IACC team: At the beginning of September we saw thousands of Brazilians take to the streets to peacefully protest against corruption. This is one of many similar events happening all over the globe. What do you think about this change in protest cultures?

Cobus de Swardt: I think if you look at protest and civil action against injustices and for human rights over the last decade, they have had very particular patterns of not happening in one location at a time: Whether you look at the fight against colonialism, whether you look at the fight against the cold war. Most of these were actions that were bottled-up frustrations against injustices. Not in one country or one city but across bigger areas and where the domino effect started it was in most cases an action that was unstoppable and irreversible. I think we have seen the same in the last couple of years where the demand for public accountability and an end to corruption became something that really was a major driver for change. It is the key driver, in my view, of the Arab spring. I think the events that we have seen in countries beyond the Arab speaking world are very much in that framework of citizens not only saying that they no longer want to live with corruption but that they also say that they want to have their leaders in all sectors to be held accountable for their actions. I think that those [protest movements] we have seen over the last 2 to 3 years take a variety of forms. They can be about food price increases, they can be about issues of access to medical care but ultimately they are about citizens saying they want a greater public accountability in all areas of live. That, I think, is very much also what we have seen in Brazil. It is a fantastic backdrop for us to plan to have the IACC in a country that is critical to that region, that is critical to the world, and of course we have also the eyes of the world focussed on it with the Olympics and the World Soccer Cup being there. So, for Brazil there is a lot to be gained to bring in best practices in terms of public accountability

IACC team: Looking at the future of the anti-corruption movement, what are the opportunities and how can the IACC help to address them?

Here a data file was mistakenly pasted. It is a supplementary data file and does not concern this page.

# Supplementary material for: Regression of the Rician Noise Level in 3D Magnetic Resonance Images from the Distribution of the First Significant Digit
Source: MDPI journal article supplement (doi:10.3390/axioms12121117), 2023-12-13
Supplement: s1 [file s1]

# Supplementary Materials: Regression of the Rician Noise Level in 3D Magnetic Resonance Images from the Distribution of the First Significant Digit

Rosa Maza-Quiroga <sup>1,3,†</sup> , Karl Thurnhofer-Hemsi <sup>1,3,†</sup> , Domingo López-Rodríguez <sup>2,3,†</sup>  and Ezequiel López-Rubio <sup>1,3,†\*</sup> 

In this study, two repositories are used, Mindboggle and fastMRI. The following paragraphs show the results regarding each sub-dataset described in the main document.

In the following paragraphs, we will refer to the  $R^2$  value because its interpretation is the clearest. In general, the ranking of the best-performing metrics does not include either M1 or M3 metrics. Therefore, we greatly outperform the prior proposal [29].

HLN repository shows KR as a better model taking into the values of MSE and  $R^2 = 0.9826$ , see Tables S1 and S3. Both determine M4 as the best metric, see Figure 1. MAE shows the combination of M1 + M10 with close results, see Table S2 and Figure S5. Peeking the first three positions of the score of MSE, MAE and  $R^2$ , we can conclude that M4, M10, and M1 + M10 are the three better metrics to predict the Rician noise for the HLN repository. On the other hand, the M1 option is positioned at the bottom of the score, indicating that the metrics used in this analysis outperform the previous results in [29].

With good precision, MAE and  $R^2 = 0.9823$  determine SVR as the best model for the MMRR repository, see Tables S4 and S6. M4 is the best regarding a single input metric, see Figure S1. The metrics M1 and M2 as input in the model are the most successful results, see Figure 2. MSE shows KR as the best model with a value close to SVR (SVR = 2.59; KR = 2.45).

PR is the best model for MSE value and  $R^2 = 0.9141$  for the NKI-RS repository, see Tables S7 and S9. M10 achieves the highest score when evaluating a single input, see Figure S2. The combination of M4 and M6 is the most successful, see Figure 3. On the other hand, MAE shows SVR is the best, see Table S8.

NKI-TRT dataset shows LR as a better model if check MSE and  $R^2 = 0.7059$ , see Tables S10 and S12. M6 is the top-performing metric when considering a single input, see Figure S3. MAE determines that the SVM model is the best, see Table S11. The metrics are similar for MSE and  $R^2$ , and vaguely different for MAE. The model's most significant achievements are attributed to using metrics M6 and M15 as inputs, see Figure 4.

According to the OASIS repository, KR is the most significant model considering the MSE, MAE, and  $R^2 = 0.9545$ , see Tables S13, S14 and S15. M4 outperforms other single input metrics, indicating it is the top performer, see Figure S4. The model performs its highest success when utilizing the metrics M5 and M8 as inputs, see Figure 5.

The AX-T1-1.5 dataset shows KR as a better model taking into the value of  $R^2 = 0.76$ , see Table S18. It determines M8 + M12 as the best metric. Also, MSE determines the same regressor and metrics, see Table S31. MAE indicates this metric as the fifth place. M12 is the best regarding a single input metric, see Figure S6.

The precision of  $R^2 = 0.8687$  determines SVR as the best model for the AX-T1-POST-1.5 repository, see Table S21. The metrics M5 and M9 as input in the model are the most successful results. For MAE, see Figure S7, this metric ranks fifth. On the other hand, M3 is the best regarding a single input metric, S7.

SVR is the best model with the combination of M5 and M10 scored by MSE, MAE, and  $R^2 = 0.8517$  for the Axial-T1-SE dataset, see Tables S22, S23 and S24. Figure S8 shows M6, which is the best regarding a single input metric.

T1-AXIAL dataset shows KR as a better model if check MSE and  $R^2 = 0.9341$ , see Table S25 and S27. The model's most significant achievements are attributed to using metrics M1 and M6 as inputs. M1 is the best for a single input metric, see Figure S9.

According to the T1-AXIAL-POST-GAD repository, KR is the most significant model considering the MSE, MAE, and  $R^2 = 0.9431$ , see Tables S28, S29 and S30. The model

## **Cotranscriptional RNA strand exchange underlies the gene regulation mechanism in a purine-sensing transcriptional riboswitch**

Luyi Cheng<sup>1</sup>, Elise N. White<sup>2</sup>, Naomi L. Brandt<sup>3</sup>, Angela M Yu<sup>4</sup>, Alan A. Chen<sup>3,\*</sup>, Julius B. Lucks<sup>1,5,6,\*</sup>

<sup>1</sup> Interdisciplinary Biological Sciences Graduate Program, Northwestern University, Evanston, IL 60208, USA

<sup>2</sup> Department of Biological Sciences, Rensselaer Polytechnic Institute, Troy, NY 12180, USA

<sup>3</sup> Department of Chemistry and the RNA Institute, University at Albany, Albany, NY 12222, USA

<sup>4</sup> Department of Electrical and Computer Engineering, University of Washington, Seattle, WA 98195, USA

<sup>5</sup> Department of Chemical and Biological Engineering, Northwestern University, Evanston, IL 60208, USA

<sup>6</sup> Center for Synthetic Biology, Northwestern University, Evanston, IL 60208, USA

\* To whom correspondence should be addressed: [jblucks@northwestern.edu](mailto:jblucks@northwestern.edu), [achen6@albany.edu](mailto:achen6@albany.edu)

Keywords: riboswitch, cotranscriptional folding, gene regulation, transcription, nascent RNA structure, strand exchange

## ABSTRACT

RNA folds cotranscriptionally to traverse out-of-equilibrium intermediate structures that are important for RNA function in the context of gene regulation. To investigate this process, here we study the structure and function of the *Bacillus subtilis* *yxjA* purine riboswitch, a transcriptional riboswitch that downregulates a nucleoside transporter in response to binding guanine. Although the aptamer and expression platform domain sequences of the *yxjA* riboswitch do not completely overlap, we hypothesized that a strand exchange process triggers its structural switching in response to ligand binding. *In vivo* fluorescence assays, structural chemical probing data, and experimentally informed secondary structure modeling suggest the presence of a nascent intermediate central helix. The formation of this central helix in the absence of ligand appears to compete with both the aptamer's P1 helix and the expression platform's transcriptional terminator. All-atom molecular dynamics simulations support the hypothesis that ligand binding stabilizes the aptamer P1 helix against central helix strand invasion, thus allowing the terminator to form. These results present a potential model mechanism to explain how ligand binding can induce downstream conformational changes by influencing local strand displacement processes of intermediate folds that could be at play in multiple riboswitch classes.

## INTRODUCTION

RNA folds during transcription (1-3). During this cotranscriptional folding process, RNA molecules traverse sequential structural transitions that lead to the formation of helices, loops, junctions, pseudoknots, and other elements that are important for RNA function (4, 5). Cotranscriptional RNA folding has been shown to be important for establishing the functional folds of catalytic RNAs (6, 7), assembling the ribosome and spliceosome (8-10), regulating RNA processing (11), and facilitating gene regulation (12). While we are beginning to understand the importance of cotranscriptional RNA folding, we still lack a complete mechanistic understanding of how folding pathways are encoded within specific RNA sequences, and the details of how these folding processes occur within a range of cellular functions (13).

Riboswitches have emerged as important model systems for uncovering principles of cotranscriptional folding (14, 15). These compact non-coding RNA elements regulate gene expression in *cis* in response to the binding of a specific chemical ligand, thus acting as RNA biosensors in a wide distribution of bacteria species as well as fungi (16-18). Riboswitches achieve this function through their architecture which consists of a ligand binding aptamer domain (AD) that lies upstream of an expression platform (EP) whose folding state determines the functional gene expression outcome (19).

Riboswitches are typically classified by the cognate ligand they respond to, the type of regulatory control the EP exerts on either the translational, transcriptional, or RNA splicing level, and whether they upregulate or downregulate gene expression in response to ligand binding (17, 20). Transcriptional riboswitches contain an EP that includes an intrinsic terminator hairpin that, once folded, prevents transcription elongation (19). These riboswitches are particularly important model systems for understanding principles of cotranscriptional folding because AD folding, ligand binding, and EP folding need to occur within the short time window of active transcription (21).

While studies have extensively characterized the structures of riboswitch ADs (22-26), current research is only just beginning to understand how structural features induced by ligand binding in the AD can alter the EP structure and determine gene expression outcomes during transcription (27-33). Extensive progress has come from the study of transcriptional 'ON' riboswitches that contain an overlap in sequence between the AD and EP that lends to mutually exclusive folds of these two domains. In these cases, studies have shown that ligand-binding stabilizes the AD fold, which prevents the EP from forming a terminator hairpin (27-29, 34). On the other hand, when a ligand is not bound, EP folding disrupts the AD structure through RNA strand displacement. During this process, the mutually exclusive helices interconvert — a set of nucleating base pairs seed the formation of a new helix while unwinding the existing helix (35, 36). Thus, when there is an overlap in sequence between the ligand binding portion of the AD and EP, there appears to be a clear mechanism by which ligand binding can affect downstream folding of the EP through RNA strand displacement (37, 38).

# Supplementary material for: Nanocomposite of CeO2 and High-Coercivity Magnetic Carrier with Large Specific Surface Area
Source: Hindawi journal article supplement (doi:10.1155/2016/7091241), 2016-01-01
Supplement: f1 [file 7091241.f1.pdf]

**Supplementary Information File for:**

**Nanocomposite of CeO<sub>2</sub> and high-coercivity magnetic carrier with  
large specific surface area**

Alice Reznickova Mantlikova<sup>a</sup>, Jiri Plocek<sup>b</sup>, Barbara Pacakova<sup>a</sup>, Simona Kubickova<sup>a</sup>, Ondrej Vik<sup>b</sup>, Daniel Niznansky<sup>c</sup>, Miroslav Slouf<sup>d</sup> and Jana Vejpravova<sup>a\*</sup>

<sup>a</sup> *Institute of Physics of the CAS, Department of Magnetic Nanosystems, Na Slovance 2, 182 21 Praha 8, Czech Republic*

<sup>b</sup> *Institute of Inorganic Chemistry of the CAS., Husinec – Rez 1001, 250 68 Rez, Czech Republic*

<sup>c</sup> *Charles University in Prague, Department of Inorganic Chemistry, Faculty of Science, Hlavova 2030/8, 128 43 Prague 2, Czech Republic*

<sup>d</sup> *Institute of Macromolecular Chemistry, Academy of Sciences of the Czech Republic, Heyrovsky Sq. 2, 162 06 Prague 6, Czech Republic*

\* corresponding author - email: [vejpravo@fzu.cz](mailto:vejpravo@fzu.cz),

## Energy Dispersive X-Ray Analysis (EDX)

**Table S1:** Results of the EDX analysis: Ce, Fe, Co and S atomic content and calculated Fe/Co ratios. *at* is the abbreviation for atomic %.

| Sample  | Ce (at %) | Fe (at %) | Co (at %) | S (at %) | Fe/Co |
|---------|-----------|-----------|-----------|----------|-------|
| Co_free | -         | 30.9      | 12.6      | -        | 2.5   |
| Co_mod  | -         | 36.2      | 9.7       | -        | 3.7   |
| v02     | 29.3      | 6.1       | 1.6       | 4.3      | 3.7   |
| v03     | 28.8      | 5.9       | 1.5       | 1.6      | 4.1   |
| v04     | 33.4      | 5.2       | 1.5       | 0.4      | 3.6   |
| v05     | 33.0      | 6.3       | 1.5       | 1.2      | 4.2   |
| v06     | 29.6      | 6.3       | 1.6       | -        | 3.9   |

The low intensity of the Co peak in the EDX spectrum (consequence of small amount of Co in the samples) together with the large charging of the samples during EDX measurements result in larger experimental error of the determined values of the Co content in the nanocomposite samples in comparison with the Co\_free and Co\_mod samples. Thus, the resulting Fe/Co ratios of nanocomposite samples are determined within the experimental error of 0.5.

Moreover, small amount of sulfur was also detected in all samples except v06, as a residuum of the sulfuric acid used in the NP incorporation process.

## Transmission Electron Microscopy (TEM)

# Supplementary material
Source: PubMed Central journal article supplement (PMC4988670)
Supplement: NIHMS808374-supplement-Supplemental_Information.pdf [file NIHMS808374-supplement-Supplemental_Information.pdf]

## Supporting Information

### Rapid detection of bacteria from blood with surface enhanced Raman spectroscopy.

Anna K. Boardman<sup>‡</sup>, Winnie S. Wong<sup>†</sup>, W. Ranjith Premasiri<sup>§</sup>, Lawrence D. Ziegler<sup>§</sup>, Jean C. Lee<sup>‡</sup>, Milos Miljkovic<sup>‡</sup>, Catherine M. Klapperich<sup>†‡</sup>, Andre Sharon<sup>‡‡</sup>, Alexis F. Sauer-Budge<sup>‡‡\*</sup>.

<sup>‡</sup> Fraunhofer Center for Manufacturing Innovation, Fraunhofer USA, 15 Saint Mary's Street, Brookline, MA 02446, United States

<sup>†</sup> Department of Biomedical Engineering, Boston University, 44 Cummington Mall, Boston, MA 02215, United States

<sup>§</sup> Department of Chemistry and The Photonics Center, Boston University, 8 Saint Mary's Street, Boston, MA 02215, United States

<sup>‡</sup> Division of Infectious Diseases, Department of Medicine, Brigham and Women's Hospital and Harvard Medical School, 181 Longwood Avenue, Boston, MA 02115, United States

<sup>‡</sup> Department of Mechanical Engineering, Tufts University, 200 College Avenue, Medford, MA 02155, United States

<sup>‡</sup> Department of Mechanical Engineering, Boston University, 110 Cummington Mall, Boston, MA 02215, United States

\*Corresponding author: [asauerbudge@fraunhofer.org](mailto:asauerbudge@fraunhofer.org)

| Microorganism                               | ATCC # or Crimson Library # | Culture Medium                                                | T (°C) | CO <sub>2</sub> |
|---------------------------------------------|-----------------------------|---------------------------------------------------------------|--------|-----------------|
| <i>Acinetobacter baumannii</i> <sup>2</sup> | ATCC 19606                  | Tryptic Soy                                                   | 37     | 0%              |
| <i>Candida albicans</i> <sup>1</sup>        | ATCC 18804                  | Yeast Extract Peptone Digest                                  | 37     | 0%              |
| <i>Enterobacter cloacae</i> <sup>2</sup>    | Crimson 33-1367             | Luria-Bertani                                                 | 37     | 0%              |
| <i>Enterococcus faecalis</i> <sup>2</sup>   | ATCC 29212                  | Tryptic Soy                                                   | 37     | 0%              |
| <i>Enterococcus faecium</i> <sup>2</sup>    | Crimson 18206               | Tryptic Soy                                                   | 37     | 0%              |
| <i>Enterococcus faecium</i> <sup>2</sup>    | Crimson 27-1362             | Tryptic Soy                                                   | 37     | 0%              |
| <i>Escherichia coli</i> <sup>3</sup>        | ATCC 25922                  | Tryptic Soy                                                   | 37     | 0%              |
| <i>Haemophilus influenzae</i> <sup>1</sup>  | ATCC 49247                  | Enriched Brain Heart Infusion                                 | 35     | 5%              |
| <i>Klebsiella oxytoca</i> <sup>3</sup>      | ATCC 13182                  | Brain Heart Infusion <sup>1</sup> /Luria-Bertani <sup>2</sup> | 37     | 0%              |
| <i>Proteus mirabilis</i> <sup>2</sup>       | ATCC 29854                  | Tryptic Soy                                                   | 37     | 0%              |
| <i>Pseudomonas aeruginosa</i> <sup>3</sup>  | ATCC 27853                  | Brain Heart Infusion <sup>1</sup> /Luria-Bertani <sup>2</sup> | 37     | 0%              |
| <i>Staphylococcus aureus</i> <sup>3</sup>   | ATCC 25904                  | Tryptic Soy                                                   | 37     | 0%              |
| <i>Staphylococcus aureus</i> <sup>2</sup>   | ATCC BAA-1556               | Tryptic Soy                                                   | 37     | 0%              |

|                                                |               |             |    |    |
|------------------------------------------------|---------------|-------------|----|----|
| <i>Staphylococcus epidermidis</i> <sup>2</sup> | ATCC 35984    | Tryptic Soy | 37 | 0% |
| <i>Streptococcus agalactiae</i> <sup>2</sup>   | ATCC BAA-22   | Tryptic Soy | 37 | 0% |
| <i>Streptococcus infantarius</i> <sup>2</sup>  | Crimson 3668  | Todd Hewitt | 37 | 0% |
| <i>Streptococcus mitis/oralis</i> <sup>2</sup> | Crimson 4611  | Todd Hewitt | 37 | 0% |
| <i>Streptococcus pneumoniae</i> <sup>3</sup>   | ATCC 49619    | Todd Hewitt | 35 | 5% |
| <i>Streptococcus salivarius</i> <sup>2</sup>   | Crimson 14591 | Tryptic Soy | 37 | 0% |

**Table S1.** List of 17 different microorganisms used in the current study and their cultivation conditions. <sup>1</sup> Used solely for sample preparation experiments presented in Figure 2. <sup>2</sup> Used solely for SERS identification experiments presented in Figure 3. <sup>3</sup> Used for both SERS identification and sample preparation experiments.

Cobus de Swardt: I think the IACC has over the years created a very important platform for multi-stakeholder engagement – bringing civil society, business community and governments together. For any initiative to run for a long time one has to, from time to time, take a step back, pause, and think: Does it really still make a contribution? I think in this time when we have a particular awareness across the world that the existing institutional networks of global governance have really been unable to deal with global crises, the importance of multi-stakeholder consultations, multi-stakeholder involvement is more important than ever before. So in that sense the IACC has been, if you look back historically, ahead of its time. The challenge for the IACC now is whether it can work with these constituencies – bring them together and particularly be a vehicle where this quest for this increased public accountability can be part of how these multi-stakeholders interact. I think that will be a major challenge particularly because the existing institutions as they exist in civil society, in the public sector and the business community are by a large not fully engaged or integrated into broad social movements. And those are the ones that are increasingly bringing about fundamental social change across the world. So it is not only; can we bring these multi-stakeholders together in the IACC but can the IACC also since it brings these constituencies together also have a much greater involvement with broader social movements. Social movements that spring up and take on an issue and again dissolve. That only time will tell – whether the IACC can do that efficiently. But I think that it is for both, the IACC as well as the anti-corruption movement, the key challenge: To harness a new model of multi-stakeholder engagement. Particularly a model that will have on the one hand much greater demands on public accountability and on the other hand not formed part of the old structures of governance the way we have known it. That is a challenge for the IACC; that is a challenge for those fighting corruption and a challenge for all of those that look for both – better and as well more just global governance in the years to come.